A few weeks ago the equivilant of a Twitter Chain Letter made the rounds. First of all… a modern chain letter?! Talk about Socializer Motivator! Anyways the topic of this particular Twitter Chain was “Favorite Retro Games” and let me tell you – I have never felt older! Some,of my favorite games from a generation (or three) ago were on this list. Legends of Zelda, Pokemon, Final Fantasy 7, Mega Man, Double Dragon, Mario Cart, and many more all made the cut.
When I look to games for inspiration it is usually this generation of games that I think about. I have written about Super Mario Bros. quite often (So You Failed…) as well as Zelda (My Hearts System) and Final Fantasy (XP Grading) bit never too explicitly. I am starting a new series based on game inspired elements from retro games!
Blades of Steel!
I grew up in Western NY near Buffalo. Hockey was never my favorite sport but when you grow up in the Snow Belt hockey and the Sabres were constantly in the background. Blades of Steel was a welcome addition to hockey culture of my youth.
Here’s the thing about this game though. The hockey play was fine. The controls were fine. The graphics for the generation were fine. And absolutely no one played the game for the hockey. People played the game for the fights!
What an interesting element to include in the game! Including this made the game feel more authentic to the experience people were wathing on the ice. It was authentic to the content that the sport. This is the first lesson I take from Blades of Steel.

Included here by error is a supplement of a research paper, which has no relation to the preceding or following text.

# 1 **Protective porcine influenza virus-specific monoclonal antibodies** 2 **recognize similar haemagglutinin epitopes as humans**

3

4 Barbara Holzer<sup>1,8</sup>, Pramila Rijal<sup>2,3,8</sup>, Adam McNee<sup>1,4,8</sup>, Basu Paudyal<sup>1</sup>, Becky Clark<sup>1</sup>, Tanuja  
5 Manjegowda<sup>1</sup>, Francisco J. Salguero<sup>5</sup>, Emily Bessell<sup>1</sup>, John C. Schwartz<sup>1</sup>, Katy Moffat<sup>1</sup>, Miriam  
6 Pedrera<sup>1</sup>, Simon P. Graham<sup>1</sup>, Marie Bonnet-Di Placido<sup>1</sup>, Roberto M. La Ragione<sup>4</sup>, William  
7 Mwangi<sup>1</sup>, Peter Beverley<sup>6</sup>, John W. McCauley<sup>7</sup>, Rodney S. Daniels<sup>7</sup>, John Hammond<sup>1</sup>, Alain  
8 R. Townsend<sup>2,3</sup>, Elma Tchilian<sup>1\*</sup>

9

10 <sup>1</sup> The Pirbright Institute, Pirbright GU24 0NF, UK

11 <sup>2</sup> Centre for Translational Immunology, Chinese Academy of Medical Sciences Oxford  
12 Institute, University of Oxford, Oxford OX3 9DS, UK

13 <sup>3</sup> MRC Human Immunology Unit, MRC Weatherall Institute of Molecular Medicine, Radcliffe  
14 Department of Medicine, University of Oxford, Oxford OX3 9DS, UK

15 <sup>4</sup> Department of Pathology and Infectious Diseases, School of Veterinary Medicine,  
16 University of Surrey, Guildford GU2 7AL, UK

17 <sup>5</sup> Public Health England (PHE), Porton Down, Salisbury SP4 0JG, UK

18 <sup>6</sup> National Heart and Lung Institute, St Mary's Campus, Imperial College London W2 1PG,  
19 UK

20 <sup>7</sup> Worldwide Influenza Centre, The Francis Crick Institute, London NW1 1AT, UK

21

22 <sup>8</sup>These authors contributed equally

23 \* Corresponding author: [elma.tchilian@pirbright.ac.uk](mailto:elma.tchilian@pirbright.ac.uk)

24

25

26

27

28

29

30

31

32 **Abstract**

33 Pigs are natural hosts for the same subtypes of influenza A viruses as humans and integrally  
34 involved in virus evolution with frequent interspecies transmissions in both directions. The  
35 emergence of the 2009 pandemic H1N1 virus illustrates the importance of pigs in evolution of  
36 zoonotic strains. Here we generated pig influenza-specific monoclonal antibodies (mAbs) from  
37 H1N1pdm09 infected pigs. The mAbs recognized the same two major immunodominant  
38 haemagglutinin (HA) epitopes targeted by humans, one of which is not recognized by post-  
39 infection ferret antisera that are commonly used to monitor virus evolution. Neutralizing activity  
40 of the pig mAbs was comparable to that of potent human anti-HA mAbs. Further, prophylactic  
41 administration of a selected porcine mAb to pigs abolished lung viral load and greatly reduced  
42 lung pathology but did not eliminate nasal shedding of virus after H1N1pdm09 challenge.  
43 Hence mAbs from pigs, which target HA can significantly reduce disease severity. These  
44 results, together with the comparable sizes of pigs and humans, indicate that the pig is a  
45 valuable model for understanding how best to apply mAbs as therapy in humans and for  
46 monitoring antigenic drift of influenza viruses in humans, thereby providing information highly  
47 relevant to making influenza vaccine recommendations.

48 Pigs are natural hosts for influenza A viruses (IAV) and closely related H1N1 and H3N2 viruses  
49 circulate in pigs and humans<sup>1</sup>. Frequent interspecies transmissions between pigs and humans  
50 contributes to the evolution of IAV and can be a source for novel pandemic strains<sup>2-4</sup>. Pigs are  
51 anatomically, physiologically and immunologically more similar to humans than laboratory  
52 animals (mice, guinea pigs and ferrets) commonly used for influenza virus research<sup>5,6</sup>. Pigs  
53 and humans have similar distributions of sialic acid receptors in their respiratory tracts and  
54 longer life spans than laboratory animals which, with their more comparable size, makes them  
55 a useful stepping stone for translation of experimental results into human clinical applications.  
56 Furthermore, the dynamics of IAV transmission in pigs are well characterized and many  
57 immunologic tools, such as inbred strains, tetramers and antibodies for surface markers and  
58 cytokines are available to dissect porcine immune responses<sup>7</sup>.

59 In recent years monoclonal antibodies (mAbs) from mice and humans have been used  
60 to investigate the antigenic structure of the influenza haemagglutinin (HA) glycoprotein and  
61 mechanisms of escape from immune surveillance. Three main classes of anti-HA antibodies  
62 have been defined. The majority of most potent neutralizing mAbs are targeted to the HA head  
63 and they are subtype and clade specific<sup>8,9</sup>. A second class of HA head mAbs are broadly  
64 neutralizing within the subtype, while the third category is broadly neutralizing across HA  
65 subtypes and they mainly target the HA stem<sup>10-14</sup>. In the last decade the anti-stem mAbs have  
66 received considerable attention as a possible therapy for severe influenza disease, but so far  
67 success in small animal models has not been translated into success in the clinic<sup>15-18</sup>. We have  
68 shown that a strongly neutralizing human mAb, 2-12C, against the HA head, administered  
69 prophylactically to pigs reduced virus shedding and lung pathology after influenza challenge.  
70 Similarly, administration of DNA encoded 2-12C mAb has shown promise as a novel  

When designing the students classroom game experience be sure to keep it authentic to your personality and to the content you are teaching. Another Twitter conversation has recently centered on “theme”. When selecting a theme or narrative for the class be sure it is something the teacher (you) is passionate about. I don’t know anything about Star Trek so it would not work for me to use that theme even if it made sense for the content. This would be similar to adding fighting to a Basketball Game. It isn’t authentic to the experience. I do love SuperHeros and comic book movies though so sharing that as a theme might make more sense.
The other thing I remember about playing this game is the novelty of fighting. Let me rephrase – I was shocked the first time I was allowed to fight. This doesn’t mean teachers should create a student fight club; though I don’t think competition is always negative. The mechanic inspiration here is:
This doesn’t mean to through random events in if the activity is not authentic to the class; however, new experiences and content that are authentic are quite valuable. For example, every year my students participate in the National History Day competition. I allow a great deal of choice in the topics students are allowed to research. Almost every year I have groups of students that want to research topics that they think are outside of the acceptable range. I imagine that the shock and excitement that on students’ faces when I allow them to research the Black Panthers instead of Martin Luther King Jr, the LBGTQ rights launching Stonewall Riots, or some sports related topic is the same look that I had the first time the gloves were through down in Blades of Steel!
The last element I would mention is that the game was bet played at parties. The fighting was fine as a novelty the first time but like all novel activities the excitement wears off over time. Add the element of socialization though and the game fosters another powerful motivator. Over the last few weeks I’ve been playing with an individual component to my Dreadsheets Boss Fights. It is effective as a non-quiz formative assessment but it lacks that socialization motivator and the engagement is not the same as the team based version.
So there you go… Three inspirations taken from a classic video game.